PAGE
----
For example, they are only allowed to invest their capital raised outside China in domestic markets rather than overseas markets because their businesses are supposed to be in China. Zhang said this had hindered her company in overseas investments.

    The NDRC’s new rules do not apply to investment projects in "sensitive countries, regions or sectors," said the NDRC. Sensitive countries and regions include those that have not established diplomatic relations with China, are under international sanctions, or are suffering wars and internal disorders.

    Sensitive sectors refer to businesses in telecoms infrastructure, large-scale overseas land exploration, water conservancy projects, power networks and news media, the NDRC statement said.

    © Haymarket Media Limited. All rights reserved.

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    From: richardred4/13/2014 11:28:49 PM
       of 7058
    Global commodity traders get deal fever

    BIG changes are under way among global energy and food commodity traders, with a flurry of first-quarter acquisitions and leadership moves that cover Asian, European and North American companies.

    Last month, Swiss firm Mercuria Energy stepped closer to joining Vitol, GlencoreXstrata and Trafigura at the top of the independent energy and metals trading hierarchy, following its $US3.5 billion purchase of US investment bank JP Morgan’s physical commodity operation.

    Mercuria’s deal gives it better access to the North American oil and gas scene, including some of the rich shale plays such as Bakken in North Dakota. It also picks up JP Morgan’s crude oil storage leases in the Canadian oil sands.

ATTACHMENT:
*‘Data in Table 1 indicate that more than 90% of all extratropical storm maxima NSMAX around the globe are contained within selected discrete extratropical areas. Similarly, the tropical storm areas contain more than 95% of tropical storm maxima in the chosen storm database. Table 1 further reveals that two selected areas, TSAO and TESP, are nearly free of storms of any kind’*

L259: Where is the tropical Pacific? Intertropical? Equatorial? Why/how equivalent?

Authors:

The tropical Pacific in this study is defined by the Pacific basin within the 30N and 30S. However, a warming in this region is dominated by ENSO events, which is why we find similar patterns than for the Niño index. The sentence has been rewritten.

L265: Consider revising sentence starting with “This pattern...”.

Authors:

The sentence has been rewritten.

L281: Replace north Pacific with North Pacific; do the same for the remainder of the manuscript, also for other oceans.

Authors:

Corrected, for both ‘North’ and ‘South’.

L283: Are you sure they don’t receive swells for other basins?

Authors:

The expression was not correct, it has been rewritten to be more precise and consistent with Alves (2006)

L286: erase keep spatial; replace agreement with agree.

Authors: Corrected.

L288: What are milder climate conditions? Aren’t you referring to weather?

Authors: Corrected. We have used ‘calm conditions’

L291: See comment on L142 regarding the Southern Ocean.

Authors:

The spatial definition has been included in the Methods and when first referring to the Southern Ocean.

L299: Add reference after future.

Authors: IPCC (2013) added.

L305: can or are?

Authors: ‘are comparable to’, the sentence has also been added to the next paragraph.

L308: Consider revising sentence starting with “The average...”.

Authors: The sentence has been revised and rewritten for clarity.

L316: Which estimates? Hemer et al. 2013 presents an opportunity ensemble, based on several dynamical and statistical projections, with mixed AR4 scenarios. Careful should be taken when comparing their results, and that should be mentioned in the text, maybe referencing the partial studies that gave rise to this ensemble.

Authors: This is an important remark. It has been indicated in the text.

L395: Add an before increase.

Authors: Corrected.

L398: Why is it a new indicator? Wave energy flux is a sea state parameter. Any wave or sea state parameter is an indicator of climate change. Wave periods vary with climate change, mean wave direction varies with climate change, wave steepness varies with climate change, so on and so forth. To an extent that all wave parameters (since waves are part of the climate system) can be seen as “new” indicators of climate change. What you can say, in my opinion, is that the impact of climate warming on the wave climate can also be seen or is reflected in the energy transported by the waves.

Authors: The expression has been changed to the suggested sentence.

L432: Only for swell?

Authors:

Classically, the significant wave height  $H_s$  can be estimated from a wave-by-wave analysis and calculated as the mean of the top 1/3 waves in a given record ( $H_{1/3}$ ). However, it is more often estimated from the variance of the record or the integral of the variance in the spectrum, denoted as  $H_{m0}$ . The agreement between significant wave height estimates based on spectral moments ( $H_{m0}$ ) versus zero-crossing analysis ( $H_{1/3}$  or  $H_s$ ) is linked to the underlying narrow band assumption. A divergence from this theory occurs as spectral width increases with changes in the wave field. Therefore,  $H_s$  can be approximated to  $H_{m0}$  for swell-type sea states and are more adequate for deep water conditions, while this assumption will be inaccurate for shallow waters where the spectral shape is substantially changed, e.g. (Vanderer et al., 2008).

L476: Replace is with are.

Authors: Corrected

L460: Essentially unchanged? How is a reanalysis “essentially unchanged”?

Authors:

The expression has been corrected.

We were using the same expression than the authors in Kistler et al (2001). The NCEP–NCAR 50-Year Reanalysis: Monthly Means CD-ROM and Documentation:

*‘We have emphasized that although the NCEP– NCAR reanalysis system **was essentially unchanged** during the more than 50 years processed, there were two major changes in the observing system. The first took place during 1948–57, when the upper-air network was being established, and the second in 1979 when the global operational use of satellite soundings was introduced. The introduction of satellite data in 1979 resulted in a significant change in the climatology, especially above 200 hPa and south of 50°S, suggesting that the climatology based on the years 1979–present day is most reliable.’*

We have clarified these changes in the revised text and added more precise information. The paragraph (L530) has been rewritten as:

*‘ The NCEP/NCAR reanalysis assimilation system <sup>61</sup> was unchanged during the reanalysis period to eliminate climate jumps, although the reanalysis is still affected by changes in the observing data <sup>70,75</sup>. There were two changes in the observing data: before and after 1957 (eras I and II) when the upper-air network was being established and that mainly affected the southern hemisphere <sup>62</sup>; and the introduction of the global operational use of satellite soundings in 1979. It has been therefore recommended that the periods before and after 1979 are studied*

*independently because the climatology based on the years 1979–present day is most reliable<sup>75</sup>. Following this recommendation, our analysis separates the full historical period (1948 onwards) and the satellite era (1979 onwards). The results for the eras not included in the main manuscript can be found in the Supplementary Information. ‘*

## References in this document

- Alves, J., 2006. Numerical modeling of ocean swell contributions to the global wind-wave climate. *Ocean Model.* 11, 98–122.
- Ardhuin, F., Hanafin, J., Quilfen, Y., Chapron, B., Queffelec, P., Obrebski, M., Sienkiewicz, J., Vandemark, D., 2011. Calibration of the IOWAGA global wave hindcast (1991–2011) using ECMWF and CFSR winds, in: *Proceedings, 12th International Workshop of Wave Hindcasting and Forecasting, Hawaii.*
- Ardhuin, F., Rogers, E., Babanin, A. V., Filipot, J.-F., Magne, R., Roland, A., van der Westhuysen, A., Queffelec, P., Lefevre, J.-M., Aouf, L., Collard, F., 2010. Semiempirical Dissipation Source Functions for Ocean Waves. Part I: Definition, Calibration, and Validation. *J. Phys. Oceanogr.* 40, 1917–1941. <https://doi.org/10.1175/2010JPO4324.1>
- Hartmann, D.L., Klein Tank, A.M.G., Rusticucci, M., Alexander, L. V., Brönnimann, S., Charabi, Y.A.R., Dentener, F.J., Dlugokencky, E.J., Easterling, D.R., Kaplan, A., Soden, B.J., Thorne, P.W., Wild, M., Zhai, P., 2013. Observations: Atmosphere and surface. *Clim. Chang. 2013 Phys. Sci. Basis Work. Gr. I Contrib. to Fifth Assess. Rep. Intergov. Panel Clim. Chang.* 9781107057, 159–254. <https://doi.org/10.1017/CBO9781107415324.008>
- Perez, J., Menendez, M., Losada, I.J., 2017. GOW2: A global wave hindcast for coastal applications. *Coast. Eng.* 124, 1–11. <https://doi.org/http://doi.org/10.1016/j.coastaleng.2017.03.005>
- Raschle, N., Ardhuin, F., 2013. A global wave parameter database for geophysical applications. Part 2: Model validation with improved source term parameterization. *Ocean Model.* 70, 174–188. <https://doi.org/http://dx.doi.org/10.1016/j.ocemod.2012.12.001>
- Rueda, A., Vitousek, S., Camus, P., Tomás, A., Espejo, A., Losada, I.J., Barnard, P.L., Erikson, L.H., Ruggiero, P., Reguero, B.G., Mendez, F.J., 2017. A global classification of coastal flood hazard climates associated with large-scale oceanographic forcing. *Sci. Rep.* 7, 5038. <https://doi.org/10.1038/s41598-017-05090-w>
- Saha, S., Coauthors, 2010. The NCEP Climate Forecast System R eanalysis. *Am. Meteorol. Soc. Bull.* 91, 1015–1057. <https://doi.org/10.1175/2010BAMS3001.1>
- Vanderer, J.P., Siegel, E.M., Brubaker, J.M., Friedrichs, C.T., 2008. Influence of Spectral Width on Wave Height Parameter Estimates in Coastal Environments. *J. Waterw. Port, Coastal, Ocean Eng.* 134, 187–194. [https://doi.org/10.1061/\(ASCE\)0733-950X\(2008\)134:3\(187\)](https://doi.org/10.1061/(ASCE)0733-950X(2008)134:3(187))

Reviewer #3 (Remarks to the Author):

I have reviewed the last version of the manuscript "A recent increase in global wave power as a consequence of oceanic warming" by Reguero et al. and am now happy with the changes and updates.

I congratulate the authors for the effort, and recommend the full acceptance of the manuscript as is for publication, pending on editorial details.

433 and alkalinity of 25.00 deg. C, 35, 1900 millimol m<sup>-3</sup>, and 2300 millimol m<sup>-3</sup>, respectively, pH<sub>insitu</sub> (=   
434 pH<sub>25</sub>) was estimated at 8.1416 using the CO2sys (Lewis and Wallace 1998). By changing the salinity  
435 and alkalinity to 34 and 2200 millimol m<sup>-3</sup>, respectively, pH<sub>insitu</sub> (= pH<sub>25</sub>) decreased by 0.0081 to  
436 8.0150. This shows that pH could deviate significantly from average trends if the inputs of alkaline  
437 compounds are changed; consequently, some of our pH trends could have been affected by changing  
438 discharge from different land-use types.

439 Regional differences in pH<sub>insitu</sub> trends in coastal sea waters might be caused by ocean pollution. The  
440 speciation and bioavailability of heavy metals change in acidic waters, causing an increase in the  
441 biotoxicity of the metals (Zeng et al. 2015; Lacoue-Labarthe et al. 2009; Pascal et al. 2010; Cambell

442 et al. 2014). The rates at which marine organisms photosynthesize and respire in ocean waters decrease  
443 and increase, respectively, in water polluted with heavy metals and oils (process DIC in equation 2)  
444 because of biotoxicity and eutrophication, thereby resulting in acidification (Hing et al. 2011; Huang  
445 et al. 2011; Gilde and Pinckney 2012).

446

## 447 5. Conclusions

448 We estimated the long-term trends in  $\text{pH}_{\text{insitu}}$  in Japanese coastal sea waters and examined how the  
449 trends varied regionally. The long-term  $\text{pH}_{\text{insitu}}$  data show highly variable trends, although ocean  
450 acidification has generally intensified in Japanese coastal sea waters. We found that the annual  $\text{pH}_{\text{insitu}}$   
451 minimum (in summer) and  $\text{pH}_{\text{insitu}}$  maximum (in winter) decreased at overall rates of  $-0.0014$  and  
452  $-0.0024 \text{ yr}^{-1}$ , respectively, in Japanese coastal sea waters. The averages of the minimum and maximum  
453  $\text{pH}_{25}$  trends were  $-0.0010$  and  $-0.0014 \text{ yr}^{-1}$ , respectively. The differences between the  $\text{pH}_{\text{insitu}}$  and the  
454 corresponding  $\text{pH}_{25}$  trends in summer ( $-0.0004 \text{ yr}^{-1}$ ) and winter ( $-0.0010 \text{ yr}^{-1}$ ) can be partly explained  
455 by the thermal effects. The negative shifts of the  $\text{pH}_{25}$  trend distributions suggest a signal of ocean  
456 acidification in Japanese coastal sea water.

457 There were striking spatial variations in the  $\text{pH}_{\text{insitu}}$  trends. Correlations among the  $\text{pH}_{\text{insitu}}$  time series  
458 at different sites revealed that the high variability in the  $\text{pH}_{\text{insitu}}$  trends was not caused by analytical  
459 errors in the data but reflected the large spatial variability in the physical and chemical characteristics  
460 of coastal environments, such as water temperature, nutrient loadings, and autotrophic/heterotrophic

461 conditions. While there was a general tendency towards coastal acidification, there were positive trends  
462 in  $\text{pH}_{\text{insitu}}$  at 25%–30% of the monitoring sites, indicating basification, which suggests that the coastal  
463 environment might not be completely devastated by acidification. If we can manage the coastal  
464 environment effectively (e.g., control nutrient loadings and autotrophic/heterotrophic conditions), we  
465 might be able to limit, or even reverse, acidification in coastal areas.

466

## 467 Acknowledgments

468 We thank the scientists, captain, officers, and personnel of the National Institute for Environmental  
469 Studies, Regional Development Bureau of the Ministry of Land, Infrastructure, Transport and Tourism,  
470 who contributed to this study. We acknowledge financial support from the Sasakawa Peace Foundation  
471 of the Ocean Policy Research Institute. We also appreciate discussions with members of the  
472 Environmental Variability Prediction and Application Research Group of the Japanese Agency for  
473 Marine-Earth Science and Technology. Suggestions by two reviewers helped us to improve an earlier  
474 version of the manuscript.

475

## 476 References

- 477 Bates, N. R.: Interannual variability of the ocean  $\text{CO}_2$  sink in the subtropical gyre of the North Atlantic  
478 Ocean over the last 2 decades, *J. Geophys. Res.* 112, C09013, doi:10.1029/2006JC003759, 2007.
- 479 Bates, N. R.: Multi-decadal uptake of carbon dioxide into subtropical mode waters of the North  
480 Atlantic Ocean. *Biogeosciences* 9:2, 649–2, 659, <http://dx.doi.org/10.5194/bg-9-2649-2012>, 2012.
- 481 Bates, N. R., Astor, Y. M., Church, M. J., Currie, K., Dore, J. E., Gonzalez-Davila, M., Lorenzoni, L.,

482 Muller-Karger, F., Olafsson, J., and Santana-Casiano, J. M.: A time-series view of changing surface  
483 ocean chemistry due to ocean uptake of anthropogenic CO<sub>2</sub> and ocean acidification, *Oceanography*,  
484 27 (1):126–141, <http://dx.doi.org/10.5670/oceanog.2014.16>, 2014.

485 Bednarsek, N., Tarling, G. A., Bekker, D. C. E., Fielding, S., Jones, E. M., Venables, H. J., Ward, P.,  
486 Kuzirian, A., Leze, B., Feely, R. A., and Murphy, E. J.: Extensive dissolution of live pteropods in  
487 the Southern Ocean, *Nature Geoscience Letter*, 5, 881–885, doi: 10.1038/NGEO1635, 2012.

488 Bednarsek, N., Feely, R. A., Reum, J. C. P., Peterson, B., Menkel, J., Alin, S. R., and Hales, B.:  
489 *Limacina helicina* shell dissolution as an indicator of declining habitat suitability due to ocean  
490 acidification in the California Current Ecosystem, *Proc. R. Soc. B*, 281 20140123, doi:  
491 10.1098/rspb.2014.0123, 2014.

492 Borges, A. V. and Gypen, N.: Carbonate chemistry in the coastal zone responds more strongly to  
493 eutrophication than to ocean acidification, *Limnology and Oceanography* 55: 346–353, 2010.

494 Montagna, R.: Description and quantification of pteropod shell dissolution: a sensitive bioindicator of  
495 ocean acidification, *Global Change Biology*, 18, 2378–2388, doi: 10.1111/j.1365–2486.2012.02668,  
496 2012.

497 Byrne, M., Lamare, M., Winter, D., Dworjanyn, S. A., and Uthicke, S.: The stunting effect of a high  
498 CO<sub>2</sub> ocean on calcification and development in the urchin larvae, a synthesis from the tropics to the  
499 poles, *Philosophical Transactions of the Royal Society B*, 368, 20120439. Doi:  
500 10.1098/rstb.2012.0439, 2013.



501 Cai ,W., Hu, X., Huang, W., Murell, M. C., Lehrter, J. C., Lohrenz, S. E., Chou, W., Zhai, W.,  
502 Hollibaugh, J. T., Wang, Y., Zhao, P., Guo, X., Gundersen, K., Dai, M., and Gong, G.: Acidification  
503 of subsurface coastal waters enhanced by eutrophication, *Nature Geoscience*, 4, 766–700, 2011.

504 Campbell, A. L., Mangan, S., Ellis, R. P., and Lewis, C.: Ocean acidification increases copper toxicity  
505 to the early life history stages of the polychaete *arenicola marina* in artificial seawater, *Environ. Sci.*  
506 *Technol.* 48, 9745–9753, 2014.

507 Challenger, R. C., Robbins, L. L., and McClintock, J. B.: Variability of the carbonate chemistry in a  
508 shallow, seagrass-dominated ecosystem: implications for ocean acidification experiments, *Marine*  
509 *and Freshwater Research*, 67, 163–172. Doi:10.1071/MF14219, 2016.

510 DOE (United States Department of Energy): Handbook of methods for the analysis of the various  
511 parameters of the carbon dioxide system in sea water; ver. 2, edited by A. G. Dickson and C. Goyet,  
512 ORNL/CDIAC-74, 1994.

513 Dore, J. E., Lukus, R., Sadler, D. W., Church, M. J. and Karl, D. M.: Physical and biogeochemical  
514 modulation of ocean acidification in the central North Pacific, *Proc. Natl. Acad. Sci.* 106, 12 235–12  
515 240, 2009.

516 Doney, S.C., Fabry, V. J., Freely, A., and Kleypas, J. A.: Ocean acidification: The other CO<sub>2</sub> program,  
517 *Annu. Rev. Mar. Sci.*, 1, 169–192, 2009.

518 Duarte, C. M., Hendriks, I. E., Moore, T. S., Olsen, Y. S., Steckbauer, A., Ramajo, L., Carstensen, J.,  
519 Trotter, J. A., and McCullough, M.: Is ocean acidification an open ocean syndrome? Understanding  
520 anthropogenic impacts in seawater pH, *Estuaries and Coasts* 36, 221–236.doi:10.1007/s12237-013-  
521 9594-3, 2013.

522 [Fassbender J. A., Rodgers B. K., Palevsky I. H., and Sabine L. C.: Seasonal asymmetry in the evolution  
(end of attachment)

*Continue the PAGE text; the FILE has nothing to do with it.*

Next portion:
Vitol (2013 turnover $US307 billion), GlencoreXstrata ($US233 billion) Trafigura ($US133 billion) and Mercuria ($US100 billion) between them have revenues of close to $US800 billion a year, trading in oil and gas, metals and other commodities, and through ownership stakes in mines, refineries and other production assets.

    For Mercuria co-founders Marco Dunand and Daniel Jaeggi, the JP Morgan acquisition gives them extra scale as they pit their trading skills against Vitol’s veteran boss Ian Taylor, GlencoreXstrata CEO and master strategist Ivan Glasenberg, and Trafigura’s new chief executive, Australian Jeremy Weir.

    Weir, who previously ran Trafigura’s mining and market risk, took on the top job on March 24 after Trafigura founder and chairman, Frenchman Claude Dauphin, stepped back from a daily executive role to undergo medical treatment.

    Another key change last month among the trading firms came from fifth-ranked Gunvor, which turned over $93 billion in 2012 and says it trades 2.5 million barrels a day of oil equivalent, or almost 3 per cent of world supply.

    Gunvor co-founder and Finnish-Russian citizen Gennady Timchenko sold his 43.5 per cent stake to his Swedish business partner Torbjorn Tornqvist on March 19 to avoid any impact on the company from US sanctions designed to pressure Russia over its Crimea intervention.

    Gunvor said on March 20 that to ensure the group’s “continued and uninterrupted operations” ahead of “anticipated economic sanctions,” Timchenko had sold his entire stake a day earlier to co-founder Tornqvist.

    “As a result, Mr Tornqvist has become the majority owner of Gunvor Group with an 87 per cent stake,” it said. The remaining 13 per cent is held by Gunvor senior employees and there are no outside shareholders, according to the company.

    In a statement the same day, the US Treasury said it was sanctioning Timchenko as one of a number of individuals who was “controlled by, has acted for or on behalf of, or has provided material or other support to, a senior Russian government official.”

    The US Treasury said Timchenko’s “activities in the energy sector have been directly linked to Putin. Putin has investments in Gunvor and may have access to Gunvor funds.”

    Gunvor denies this.

    After the share sale, Tornqvist said the company would benefit from a more diversified shareholder base, and he may seek to bring in a strategic investor.